“In those days you had to nurse the car, look after your gear changes, save the brakes and take care of the car because it was race of attrition. But we had nothing to lose, we were laps behind the leader, and this gives you wings. I told the team, the other drivers, the mechanics, that it was possible to win. Every hour we picked up places, I did triple stints, more than three hours absolutely flat out in the rain, it was just fascinating – the feeling I had, the concentration at such a high level for such a long time. This ability to concentrate was a strong point for me and that weekend I simply believed we could win.
“At the end I was exhausted, physically and mentally, and then with just a few laps to go, with Hurley Haywood in the car, the engine went onto five cylinders and we had no rev counter, but we made it. So it was very, very special and a fantastic team effort. In every sport there are these moments of ‘sublimation’ – that is my word for it, you can choose your own. Senna used to speak about this state of mind in a racing car and I understood what he meant.”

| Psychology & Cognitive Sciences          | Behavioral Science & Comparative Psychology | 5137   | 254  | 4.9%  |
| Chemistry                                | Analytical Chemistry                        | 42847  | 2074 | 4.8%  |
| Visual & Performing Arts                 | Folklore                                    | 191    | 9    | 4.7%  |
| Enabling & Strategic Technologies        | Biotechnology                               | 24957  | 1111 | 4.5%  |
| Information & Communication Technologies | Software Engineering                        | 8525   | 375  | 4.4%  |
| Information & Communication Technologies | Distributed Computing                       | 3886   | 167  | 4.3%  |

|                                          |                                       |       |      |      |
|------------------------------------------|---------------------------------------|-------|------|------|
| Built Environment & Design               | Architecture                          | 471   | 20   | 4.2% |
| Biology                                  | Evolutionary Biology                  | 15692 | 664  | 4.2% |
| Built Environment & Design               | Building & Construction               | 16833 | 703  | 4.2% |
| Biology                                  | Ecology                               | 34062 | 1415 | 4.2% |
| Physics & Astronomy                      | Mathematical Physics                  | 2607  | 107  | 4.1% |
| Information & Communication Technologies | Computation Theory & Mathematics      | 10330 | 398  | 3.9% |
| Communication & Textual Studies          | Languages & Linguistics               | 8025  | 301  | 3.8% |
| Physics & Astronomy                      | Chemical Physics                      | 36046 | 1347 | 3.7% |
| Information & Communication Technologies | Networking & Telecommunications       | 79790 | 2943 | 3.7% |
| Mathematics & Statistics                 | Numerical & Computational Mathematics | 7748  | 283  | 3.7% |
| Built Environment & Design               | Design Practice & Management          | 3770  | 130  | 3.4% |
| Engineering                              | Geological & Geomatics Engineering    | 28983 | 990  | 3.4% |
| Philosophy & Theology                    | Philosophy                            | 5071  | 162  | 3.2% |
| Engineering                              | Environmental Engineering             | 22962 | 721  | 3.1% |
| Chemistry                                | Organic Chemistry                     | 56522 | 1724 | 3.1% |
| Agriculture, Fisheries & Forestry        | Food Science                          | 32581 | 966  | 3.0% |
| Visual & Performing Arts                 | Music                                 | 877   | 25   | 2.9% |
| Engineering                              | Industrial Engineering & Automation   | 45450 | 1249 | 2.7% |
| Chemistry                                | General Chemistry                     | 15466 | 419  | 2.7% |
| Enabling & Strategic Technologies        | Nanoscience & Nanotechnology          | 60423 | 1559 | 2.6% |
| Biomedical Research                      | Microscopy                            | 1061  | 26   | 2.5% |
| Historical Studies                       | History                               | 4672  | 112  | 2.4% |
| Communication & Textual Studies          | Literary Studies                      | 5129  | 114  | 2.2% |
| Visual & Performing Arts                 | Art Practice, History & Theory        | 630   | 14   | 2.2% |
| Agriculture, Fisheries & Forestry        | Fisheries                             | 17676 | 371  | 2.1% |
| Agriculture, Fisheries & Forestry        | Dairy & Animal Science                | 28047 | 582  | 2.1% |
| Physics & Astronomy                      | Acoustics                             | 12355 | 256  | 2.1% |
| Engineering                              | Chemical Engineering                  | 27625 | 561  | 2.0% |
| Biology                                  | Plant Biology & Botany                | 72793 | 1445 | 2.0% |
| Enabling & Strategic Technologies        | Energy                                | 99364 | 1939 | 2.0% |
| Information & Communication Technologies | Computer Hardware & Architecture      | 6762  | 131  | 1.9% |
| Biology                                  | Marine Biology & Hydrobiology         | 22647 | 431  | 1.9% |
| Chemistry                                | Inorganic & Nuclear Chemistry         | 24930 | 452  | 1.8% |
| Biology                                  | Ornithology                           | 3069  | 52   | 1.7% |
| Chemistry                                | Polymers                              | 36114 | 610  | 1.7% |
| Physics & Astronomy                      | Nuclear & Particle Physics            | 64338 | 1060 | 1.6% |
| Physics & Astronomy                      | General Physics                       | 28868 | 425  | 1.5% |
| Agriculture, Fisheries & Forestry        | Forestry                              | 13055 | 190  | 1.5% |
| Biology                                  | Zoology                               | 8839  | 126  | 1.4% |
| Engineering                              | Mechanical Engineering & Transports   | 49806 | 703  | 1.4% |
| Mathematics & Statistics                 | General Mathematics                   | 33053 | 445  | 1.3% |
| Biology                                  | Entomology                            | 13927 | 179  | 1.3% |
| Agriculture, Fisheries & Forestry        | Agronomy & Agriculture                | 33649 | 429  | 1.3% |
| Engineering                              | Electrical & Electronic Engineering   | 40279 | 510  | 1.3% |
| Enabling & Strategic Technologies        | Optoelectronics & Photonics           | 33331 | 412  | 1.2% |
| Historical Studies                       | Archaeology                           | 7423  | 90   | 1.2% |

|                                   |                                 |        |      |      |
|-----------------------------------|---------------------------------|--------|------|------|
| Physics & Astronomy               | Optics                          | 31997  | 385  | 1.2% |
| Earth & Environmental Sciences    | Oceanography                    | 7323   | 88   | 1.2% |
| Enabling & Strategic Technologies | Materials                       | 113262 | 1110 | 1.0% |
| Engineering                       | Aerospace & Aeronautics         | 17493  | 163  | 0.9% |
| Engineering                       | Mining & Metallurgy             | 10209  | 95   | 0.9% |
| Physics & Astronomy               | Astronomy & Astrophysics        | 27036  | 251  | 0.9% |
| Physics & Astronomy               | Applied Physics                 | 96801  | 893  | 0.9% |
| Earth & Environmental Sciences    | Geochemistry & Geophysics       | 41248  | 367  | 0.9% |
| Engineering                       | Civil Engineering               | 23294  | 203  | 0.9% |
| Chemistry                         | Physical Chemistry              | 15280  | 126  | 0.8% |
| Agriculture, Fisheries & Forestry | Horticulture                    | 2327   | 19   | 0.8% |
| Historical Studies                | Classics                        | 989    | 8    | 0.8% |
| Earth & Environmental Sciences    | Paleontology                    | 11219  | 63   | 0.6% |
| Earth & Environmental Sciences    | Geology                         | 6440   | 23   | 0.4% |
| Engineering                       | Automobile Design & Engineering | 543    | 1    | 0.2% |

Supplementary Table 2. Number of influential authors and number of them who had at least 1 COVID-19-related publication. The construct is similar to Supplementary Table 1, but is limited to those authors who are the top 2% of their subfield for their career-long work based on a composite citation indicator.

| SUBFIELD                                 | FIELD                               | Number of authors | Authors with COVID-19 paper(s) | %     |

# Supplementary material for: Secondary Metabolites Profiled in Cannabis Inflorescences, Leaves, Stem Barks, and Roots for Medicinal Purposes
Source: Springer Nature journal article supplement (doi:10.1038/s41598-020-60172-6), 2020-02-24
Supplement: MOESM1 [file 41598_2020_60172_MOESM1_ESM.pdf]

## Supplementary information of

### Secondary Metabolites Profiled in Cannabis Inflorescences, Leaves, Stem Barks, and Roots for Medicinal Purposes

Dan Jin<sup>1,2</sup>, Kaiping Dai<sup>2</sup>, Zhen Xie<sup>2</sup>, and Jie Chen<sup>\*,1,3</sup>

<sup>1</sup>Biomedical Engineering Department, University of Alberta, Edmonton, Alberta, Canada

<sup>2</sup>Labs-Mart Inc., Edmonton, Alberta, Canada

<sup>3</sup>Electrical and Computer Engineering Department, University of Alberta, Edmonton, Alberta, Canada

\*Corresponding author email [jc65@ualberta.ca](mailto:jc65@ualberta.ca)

Let’s talk about the Porsche 956, the car you drove to the Endurance Championship in 1982 and ’83. What made this car such an effective weapon?
JI: “The 956 was a huge step forward for Porsche, a completely new design and an important development programme for Norbert Singer and his team of engineers. Before we had always had a tubular chassis but now, with the 956, we had an aluminium monocoque, much more rigid, new aerodynamics, much more downforce and a new five-speed gearbox. OK, it was still a very basic car compared to what we see today, very physical to drive, no power steering, no power brakes, but it was a winning car for many years.